A specific example I use is recalling memory locations to change which tracks show in the edit window of Pro Tools. Setting memory locations with specific tracks shown and the rest hidden, then recalling them with “period – memory location_number – period” (all on the numpad) makes switching the view between banks of tracks a breeze. I have a memory location to look at dialogue tracks, another to look at ADR tracks, and a third to look at all tracks.

Another similar example is recalling window configurations. Using “period – asterisk – period” (also on the numpad), I can quickly call up multiple AudioSuite plugins at once. Plugin parameters are saved to each configuration, so an EQ can be set up to be all narrow notch filters on one configuration, and the default on another other. No more diving into the plugin’s menu looking for those favorite presets!

What is the one thing that sticks with you the most from your time at CRAS?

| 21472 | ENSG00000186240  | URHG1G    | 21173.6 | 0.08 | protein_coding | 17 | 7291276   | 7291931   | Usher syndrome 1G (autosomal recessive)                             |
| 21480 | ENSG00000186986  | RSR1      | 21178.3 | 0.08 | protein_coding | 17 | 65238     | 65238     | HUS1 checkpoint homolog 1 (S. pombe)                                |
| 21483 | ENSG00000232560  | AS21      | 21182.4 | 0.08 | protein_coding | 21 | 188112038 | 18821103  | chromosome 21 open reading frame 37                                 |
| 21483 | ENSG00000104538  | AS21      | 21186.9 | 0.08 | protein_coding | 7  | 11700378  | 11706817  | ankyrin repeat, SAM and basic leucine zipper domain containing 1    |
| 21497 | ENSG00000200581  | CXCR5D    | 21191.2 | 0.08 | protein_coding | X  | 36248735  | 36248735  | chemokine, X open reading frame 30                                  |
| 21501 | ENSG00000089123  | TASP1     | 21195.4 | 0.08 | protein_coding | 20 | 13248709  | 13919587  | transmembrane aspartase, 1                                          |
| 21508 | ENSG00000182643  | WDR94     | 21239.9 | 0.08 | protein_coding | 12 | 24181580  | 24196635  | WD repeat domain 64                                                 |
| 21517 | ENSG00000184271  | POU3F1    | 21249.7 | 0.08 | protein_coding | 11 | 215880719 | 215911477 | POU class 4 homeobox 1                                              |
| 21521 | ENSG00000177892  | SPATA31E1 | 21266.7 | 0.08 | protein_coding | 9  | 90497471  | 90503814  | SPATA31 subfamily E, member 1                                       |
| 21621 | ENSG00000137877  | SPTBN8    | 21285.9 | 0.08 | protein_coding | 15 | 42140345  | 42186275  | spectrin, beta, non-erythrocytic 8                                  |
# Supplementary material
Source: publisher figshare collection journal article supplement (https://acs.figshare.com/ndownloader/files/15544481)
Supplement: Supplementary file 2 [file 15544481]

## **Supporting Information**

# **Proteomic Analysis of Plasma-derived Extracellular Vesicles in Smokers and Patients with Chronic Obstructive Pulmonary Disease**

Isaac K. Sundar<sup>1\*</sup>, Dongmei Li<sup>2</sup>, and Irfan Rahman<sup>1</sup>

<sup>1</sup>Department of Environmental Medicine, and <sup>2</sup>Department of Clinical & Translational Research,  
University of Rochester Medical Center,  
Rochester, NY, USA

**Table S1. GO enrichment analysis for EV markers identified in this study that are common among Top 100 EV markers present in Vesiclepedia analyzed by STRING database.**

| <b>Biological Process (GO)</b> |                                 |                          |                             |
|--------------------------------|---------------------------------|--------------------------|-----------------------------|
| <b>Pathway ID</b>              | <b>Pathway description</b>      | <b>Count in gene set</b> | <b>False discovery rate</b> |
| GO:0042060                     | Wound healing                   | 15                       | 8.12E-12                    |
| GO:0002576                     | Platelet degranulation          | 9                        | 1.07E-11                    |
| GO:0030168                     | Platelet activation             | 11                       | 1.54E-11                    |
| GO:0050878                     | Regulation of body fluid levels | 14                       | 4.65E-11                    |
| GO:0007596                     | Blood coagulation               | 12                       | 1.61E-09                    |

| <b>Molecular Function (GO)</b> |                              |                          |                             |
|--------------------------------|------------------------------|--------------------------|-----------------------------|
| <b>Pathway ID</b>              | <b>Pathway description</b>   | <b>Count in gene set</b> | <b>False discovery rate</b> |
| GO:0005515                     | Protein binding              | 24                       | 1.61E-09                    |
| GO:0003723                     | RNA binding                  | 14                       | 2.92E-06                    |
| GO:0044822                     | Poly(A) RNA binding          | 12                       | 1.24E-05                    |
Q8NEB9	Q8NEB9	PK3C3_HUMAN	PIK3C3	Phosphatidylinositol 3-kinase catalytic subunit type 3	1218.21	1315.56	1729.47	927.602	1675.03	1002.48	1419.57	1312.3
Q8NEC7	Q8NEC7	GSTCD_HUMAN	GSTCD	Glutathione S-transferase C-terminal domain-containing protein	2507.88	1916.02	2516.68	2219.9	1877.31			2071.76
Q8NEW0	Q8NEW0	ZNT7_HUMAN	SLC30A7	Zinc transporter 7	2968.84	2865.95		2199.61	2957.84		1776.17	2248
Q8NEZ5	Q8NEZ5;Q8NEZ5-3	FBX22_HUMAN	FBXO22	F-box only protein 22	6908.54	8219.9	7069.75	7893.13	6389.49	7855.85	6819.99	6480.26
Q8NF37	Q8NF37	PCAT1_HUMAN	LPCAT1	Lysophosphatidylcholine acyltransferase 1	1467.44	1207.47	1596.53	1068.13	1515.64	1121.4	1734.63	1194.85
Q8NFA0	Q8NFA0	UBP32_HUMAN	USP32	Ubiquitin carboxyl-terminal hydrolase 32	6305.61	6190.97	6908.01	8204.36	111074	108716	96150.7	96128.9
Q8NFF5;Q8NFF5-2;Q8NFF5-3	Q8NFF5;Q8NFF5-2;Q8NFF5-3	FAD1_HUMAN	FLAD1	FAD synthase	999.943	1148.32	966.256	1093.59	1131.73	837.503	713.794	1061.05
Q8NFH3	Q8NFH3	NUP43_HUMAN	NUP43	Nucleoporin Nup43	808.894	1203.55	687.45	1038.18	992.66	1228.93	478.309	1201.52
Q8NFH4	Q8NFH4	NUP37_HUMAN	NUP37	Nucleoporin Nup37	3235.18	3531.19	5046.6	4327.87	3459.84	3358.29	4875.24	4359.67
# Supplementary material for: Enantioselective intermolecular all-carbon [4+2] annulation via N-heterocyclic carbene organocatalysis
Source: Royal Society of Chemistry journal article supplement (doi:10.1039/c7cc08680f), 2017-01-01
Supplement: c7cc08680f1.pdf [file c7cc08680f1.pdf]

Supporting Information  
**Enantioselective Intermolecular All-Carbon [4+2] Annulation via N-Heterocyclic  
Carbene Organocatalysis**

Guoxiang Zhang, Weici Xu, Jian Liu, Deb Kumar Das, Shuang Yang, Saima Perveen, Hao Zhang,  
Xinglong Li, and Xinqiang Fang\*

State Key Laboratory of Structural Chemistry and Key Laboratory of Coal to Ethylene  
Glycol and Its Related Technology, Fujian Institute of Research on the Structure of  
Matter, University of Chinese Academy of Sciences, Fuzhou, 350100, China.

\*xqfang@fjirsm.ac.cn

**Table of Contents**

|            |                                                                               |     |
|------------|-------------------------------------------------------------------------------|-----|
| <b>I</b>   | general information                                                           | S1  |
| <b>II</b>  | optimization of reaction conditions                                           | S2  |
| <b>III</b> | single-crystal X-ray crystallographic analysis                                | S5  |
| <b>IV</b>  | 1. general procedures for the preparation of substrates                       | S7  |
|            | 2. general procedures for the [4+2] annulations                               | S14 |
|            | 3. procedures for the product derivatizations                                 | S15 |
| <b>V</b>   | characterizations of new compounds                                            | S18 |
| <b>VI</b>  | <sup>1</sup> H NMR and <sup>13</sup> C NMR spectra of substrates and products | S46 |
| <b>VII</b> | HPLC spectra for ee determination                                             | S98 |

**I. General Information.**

IS: Playing with the SSL and other consoles I think was the most fun. As an editor in post, I don’t do a whole lot of fader-work, and if I do it’s with a Command-8. Getting to spend time with the big beasts at school is something I’ll always remember.

Were there any instructors who you felt stood out or imparted some wisdom that stuck with you?

IS: I don’t think I could pick one. I think just the general enthusiasm and constant interest in the work rubbed off on me. Also the attitude of being flexible and always ready to work taught to me by the intern coordinators went a long way towards helping me succeed.